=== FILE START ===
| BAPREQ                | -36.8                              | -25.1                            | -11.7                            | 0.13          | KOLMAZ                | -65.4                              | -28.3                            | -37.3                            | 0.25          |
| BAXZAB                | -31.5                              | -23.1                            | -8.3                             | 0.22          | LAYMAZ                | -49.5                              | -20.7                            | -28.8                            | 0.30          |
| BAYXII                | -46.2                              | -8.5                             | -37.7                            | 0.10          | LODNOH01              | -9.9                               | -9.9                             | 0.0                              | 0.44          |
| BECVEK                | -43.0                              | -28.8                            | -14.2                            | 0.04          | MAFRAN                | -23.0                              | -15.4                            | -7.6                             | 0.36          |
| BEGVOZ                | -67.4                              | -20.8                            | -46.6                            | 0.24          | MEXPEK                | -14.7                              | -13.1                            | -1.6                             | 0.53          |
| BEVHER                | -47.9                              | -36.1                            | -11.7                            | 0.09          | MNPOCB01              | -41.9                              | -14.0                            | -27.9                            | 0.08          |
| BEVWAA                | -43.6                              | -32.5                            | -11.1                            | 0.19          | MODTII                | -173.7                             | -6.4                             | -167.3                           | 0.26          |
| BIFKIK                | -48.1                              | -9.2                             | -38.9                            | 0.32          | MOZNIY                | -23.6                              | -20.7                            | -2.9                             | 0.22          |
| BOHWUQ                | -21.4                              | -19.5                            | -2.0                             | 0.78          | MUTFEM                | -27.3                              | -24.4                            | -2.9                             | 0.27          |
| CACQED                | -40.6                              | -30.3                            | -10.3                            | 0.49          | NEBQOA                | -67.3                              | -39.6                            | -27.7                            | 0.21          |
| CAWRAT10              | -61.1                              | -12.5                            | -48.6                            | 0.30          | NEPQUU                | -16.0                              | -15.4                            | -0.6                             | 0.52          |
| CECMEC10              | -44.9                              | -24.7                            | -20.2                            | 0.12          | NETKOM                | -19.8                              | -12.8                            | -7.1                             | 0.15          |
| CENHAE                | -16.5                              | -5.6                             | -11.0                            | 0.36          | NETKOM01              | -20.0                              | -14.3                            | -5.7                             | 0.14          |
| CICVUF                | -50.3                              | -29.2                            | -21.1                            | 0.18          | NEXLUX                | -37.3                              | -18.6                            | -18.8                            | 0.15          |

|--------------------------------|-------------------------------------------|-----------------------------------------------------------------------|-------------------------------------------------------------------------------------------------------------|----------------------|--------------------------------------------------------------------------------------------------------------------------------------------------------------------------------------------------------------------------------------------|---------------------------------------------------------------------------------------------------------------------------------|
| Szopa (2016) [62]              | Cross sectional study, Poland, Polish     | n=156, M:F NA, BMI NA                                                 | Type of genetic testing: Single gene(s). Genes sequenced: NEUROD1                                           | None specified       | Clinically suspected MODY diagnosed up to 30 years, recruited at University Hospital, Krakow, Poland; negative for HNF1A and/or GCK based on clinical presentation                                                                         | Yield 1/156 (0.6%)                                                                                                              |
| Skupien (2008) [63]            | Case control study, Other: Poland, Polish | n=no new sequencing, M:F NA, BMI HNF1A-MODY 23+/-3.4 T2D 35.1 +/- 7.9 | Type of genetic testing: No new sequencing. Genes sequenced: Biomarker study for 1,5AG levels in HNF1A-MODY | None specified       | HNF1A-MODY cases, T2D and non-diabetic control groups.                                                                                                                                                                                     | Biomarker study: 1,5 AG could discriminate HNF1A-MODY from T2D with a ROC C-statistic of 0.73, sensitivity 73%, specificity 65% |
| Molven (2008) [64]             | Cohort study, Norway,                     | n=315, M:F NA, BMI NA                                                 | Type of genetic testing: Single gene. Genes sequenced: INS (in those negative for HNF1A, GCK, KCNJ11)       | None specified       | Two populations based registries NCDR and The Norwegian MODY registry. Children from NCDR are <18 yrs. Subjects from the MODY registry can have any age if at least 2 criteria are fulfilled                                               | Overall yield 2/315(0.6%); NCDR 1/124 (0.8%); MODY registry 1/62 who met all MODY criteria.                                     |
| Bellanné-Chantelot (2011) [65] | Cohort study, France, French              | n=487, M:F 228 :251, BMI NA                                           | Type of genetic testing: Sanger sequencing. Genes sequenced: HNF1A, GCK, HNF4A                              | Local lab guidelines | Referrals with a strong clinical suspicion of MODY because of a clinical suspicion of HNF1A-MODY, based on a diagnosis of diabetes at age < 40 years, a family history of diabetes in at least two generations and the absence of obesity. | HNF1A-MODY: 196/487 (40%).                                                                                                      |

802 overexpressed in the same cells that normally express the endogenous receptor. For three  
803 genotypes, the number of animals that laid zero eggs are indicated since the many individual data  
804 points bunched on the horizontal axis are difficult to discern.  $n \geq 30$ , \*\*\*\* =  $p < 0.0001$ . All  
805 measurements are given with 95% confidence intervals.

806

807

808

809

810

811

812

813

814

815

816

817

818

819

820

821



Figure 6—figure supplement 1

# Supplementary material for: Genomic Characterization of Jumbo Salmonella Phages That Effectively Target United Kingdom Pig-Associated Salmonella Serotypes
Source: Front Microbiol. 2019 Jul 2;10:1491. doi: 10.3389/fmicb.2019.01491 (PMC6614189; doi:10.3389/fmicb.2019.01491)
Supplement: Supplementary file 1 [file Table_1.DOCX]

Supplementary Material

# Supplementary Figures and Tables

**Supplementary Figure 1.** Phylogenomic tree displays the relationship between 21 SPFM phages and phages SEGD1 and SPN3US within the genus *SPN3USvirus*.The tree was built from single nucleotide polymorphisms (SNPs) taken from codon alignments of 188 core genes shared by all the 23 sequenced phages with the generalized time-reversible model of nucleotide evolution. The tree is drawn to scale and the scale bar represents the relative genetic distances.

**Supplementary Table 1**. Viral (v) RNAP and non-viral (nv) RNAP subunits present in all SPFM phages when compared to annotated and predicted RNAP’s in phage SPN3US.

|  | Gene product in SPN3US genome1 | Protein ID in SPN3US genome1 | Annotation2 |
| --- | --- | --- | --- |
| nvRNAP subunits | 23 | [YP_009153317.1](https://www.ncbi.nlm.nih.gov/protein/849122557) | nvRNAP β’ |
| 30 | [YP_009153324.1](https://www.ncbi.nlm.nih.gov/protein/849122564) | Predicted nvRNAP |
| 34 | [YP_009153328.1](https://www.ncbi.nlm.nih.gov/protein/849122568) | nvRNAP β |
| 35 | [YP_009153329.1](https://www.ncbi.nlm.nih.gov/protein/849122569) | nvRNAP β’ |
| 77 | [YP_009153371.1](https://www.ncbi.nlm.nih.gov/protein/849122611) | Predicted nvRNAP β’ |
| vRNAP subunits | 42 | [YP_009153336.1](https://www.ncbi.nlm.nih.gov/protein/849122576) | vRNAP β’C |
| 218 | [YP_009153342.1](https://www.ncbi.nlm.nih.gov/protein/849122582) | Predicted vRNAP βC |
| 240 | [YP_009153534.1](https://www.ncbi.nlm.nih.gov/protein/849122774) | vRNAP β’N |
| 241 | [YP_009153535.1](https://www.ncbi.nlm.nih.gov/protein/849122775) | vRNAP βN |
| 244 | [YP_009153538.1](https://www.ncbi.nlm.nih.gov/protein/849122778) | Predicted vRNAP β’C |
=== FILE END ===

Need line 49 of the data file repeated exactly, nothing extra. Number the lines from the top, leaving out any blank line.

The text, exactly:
| --- | --- | --- | --- |